Note: Several people asked where the link is to actually add feedback to the site. This is, of course, a good point. As mentioned in the comments: The designated entry point for the feedback application is going to be an extension bundled with Firefox 4 Beta. For more information, please read Aakash's blog post. To try out the application already, feel free to add happy or sad feedback to the test site.

This morning, we published the Firefox Input application. It is a little web application soliciting feedback from our Firefox Beta Program users. The aim is to make it as easy as possible for people to tell us what specifically they like or dislike about an upcoming version of Firefox.

The application was, as far as software goes, developed very rapidly: We made it from requirements to production in a mere three weeks. What made this possible was a number of reusable components that allowed us to avoid reinventing the wheel and stay focused on making the application awesome.

A few key components of the Input application:

  • Django. I can't stress this enough, but Django is a fantastic web application framework. It makes it incredibly easy to set up a web application quickly and securely. Their built-in admin pages save me days of work that I would otherwise have to spend to allow project admins to edit the application data.
  • Jinja2 and Jingo. The only big drawback of Django is its template language: The instant you make nontrivial web applications, it gets in your way. Luckily, like all parts of Django it is replaceable: Jinja2 and Jeff Balogh's jingo interface comes to the rescue. The two of them are already in use over at AMO and also serve us well on Input.
  • Term extraction. Firefox Input extracts key words from all feedback. Sure, you can just split the sentences into words, but if you want to avoid collecting all sorts of meaningless particles ("the", "a", "if", ...), it becomes a little more complicated. We are using the topia.termextract library, which gladly does the heavy lifting for us. Only caveat: It only works for English, so once the application is localized, we need a different solution for the other languages.
  • Search. For the longest time, there was no generic way to do search in a Django app (other than straight SQL queries). In the meantime, haystack has started to fill that gap. We use it on Input in conjunction with Whoosh, a pure-Python search library. That is very easy to set up, at the expense of scalability -- if we outgrow it, however, it will be easy to switch search engines with virtually no code changes at all. Thumbs up!
  • Product details. Only very recently we released a Mozilla product details library for Django, and this is the first application to rely intimately on up-to-date product data: Input only lets users of the latest beta versions of Firefox add feedback, so it auto-updates its product data periodically to gather feedback for the newest versions as quickly as possible.

As always, the source code of Firefox Input is openly and freely available. If you notice any problems with it, feel free to fork it on github, or file a bug in our bug tracker.

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Hard drives (or controllers, rather) capable of hot-swapping (that is, plugging and un-plugging a drive into a running system) used to be a feature reserved for expensive professional RAID installations.

With the advent of SATA in the mainstream, that has changed. Supposedly any SATA hard drive can be hot-plugged now. But what if you actually try and nothing happens? Chances are your controller doesn't let the OS know about the newly found drive on its own.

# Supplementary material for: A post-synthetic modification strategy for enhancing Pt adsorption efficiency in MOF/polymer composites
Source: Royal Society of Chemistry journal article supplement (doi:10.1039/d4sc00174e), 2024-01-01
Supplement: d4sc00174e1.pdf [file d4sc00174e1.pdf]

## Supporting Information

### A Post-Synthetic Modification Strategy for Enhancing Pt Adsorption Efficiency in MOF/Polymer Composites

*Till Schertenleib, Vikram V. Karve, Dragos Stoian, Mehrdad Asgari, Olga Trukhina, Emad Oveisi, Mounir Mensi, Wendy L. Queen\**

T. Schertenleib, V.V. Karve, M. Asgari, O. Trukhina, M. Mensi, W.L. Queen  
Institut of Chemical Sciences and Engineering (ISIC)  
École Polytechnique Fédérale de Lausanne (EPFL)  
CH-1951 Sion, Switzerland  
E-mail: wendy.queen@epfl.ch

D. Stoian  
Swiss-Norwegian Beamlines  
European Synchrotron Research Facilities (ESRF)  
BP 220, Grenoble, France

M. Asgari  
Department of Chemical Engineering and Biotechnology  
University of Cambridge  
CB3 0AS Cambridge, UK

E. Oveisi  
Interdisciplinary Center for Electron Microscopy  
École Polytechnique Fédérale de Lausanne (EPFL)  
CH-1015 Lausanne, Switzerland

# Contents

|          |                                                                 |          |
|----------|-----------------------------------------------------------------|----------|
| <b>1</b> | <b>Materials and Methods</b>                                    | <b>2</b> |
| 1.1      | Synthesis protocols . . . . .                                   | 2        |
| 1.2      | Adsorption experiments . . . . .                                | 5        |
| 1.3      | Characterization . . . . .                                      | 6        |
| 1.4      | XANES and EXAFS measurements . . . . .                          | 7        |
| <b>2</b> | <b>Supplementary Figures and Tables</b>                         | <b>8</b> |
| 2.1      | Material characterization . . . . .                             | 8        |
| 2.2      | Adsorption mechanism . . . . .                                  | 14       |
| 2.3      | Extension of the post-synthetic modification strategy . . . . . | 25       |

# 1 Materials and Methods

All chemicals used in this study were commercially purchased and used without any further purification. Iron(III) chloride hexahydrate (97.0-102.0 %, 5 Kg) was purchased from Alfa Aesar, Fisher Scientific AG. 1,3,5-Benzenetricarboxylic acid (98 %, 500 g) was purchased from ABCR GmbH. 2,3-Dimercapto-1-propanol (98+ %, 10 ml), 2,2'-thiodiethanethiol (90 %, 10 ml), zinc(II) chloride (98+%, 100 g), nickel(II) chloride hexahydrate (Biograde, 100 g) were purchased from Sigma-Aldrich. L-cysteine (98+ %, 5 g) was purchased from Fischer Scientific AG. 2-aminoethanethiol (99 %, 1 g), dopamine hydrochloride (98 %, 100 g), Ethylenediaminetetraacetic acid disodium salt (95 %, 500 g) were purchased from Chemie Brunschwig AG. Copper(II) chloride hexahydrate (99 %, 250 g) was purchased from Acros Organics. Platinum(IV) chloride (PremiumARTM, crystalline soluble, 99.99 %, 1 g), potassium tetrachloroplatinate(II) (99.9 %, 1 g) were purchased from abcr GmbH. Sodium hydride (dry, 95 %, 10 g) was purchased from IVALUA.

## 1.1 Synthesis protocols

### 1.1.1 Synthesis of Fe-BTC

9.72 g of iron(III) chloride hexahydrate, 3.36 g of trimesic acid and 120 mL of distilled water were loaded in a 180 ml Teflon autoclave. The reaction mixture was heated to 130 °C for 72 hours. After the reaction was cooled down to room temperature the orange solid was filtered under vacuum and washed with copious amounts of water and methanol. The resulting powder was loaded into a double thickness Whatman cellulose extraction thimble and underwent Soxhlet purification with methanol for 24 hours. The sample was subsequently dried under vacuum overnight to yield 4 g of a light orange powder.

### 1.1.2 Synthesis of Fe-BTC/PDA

Try this to rescan the SCSI hosts (each SATA port appears as a SCSI bus):

echo "0 0 0" >/sys/class/scsi_host/host<n>/scan

and to remove a drive:

echo x > /sys/bus/scsi/devices/<n>:0:0:0/delete

Replace <n> with the right numbers for your system, respectively.

Also, just to state the obvious, don't do that to a mounted drive, ever. Especially not the one that holds your system partition ;)


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Need to add a robots.txt file to your Django project to tell Google and friends what and what not to index on your site?

Here are three ways to add a robots.txt file to Django.

1) The (almost) one-liner

In an article on, Paul Bissex suggest to add this rule to your file:

from django.http import HttpResponse

urlpatterns = patterns('', ... (r'^robots.txt$', lambda r: HttpResponse("User-agent: *\nDisallow: /", mimetype="text/plain")) )

The advantage of this solution is, it is a simple one-liner disallowing all bots, with no extra files to be created, and no clutter anywhere. It's as simple as it gets.

The disadvantage, obviously, is the missing scalability. The instant you have more than one rule to add, this approach quickly balloons out of hand. Also, one could argue that is not the right place for content of any kind.

2) Direct to template

This one is the most intuitive approach: Just drop a robots.txt file into your main templates directory and link to it via directtotemplate:

from django.views.generic.simple import direct_to_template

urlpatterns = patterns('',
    (r'^robots\.txt$', direct_to_template,
     {'template': 'robots.txt', 'mimetype': 'text/plain'}),

Just remember to set the MIME type appropriately to text/plain, and off you go.

Advantage is its simplicity, and if you already have a robots.txt file you want to reuse, there's no overhead for that.

Disadvantage: If your robots file changes somewhat frequently, you need to push changes to your web server every time. That can get tedious. Also, this approach does not save you from typos or the like.

3) The django-robots app

Finally, there's a full-blown django app available that you can install and drop into your INSTALLED_APPS: It is called django-robots.